The mental health of the elderly individuals was investigated by the Geriatric Depression Scale (GDS) and Mini-Mental State Examination (MMSE) instruments, which are used to assess patients’ psychological conditions  and to identify cognitive loss [21, 22], respectively. For a subjective assessment of the quality of life of people with osteoarthritis, the WOMAC questionnaire (Western Ontario and McMaster Universities Osteoarthritis Index) was used, and three domains were assessed: pain (five items), stiffness (two items), and physical activity (17 items). The sum of the scores for the domains constituted the WOMAC score [23, 24]. To determine patients’ risk of falling on the basis of their physical condition, their mobility and balance were assessed using the timed up and go test (TUG) [25, 26] and the Berg balance scale (BBS) [27, 28].
The characteristics of the study population were assessed according to the variables studied, and the categorical variables are expressed in a table as the absolute frequency (n) and percentage (%) values. The descriptive statistics of the continuous variables are expressed as the means, standard deviations, minimum and maximum values, medians, and quartiles. To compare the categorical variables between the radiologic grades determined by the Kellgren-Lawrence scale, Fisher’s exact test was used for variables with fewer than five categories.
Because the data were not normally distributed, the Mann-Whitney test for two categories and the Kruskal-Wallis test for three or more categories were used to assess the continuous variables according to the osteoarthritis grades. To analyze the relationships between the continuous variables and osteoarthritis grades, Spearman’s correlation coefficient was calculated. A significance level of 5% (p < 0.05) was used, and SAS for Windows, version 9.2, was used for statistical analysis (SAS Institute Inc., 2002–2008, Cary, NC, USA).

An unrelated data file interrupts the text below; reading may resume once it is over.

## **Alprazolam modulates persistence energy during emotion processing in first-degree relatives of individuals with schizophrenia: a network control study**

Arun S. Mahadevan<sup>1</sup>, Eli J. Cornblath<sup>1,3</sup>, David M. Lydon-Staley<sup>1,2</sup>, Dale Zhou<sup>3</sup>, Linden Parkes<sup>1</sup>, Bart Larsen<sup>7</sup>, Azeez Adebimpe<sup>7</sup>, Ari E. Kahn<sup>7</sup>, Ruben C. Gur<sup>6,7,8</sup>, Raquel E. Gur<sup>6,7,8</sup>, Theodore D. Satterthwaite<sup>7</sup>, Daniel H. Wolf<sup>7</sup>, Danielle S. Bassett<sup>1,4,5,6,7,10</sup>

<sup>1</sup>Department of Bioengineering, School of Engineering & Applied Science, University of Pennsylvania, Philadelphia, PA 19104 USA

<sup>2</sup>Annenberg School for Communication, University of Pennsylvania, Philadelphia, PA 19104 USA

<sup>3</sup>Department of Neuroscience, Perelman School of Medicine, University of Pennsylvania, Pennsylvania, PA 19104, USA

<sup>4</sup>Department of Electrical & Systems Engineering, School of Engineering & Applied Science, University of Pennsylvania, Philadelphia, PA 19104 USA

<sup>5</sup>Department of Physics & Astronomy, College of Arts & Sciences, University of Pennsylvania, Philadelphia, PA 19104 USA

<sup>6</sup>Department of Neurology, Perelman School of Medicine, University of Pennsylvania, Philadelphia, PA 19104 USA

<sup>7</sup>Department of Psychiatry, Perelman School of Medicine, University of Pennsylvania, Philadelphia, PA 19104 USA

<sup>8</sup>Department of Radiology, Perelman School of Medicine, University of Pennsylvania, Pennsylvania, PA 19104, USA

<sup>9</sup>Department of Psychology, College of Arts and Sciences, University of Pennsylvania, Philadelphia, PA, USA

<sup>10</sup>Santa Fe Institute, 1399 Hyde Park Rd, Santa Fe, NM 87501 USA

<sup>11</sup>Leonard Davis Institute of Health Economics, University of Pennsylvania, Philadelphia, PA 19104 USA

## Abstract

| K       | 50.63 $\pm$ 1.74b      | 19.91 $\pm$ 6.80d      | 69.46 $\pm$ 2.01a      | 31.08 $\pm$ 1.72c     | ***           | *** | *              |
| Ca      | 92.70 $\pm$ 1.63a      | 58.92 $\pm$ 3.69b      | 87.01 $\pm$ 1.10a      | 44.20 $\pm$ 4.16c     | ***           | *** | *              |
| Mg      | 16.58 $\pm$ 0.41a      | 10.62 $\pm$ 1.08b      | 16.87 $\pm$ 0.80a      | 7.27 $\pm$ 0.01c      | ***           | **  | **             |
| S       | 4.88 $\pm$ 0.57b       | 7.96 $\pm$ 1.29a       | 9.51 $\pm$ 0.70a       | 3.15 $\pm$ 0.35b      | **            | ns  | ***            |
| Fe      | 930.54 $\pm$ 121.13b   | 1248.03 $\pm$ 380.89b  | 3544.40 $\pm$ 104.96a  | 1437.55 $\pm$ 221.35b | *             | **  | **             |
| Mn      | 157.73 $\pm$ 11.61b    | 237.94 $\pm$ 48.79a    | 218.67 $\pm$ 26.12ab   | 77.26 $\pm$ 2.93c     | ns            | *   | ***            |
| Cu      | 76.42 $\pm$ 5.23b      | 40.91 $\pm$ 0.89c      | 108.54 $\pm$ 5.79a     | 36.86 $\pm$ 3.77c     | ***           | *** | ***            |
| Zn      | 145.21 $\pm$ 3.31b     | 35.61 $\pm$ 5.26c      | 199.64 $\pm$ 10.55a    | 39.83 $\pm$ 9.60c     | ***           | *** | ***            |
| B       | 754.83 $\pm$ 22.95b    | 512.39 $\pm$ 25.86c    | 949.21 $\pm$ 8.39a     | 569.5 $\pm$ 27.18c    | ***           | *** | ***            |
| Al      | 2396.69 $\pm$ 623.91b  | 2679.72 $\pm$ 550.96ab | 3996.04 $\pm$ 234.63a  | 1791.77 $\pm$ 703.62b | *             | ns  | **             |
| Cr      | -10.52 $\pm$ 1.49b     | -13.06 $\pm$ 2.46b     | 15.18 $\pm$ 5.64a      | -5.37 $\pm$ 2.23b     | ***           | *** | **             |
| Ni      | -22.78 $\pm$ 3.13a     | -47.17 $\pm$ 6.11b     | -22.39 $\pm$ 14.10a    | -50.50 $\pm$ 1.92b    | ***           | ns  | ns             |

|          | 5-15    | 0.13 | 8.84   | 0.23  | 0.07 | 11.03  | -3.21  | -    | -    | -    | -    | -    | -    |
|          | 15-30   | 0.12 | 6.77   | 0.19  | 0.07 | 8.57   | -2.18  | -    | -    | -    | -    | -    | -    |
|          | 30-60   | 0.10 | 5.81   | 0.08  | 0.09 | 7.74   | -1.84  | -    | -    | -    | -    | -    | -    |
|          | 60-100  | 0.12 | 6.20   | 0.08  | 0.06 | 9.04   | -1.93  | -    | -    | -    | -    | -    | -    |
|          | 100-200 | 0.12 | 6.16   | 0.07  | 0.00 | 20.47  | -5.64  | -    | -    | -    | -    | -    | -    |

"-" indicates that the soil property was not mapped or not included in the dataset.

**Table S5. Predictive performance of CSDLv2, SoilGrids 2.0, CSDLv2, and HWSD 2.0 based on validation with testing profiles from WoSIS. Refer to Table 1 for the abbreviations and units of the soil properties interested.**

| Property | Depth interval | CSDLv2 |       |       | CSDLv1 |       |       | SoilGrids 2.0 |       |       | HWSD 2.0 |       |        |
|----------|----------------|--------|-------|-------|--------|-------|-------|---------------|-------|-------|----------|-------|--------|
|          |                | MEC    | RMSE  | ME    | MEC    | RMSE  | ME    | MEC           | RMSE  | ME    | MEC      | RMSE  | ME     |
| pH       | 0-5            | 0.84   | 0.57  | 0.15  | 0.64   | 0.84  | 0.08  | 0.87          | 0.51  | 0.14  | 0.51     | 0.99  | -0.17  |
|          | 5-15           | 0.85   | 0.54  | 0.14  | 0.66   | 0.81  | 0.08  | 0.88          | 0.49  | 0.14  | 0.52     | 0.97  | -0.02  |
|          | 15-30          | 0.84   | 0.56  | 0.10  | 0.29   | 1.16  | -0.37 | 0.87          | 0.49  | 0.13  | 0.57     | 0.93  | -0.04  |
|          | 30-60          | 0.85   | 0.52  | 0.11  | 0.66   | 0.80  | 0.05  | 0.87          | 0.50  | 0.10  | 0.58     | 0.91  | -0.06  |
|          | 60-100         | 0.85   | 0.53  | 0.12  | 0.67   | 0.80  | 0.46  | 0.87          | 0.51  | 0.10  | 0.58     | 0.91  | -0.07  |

A total of 181 subjects were selected to participate in this study; the mean age was 67.3 ± 6.8 years, 56.35% were female, and 43.64% were male. The radiological severity is described in Table 1. A total of 53.57% of the females were included in the grades 0 and 1 group, and 60.86% were included in the grades 2 to 4 group.
When the K&L scale grades were divided into two groups, classified by the presence (grades 2 to 4) or absence (grades 0 and 1) of knee osteoarthritis (KOA), 69 and 112 subjects were included in the grades 2 to 4 and grades 0 and 1 groups, accounting for 38.12% and 61.88% of the study population, respectively. Most of the population evaluated in this study had radiological grades that were not indicative of the presence of KOA. A minority of the population was diagnosed with the disease, with a predominance of grade 3 (moderate).
The average scores for the GDS, MMSE, and WOMAC tests indicated that the population was generally had a “mild” level of depressive symptoms and cognitive loss and a “low” level of pain, stiffness, and functional difficulty. The average scores in the TUG and BBS tests indicated that the elderly people had a low risk of falling (Table 2).
Relationship between the scores of the instruments evaluated and the radiological grades of the Kellgren-Lawrence scale
When each of the grades of the K&L scale, including 0, 1, 2, 3, and 4, was compared to the GDS, MMSE, WOMAC, TUG, and BBS scores, no significant differences were observed in any of the categorical variables (Table 2). The same result was observed in the comparative analysis in relation to the continuous variables (Table 3).
The results suggest that when the radiological grades are independently evaluated, the K&L scale is not statistically related to any of the tests evaluated.
Relationship between the scores of the instruments evaluated and the radiological grades of the Kellgren-Lawrence scale divided into two groups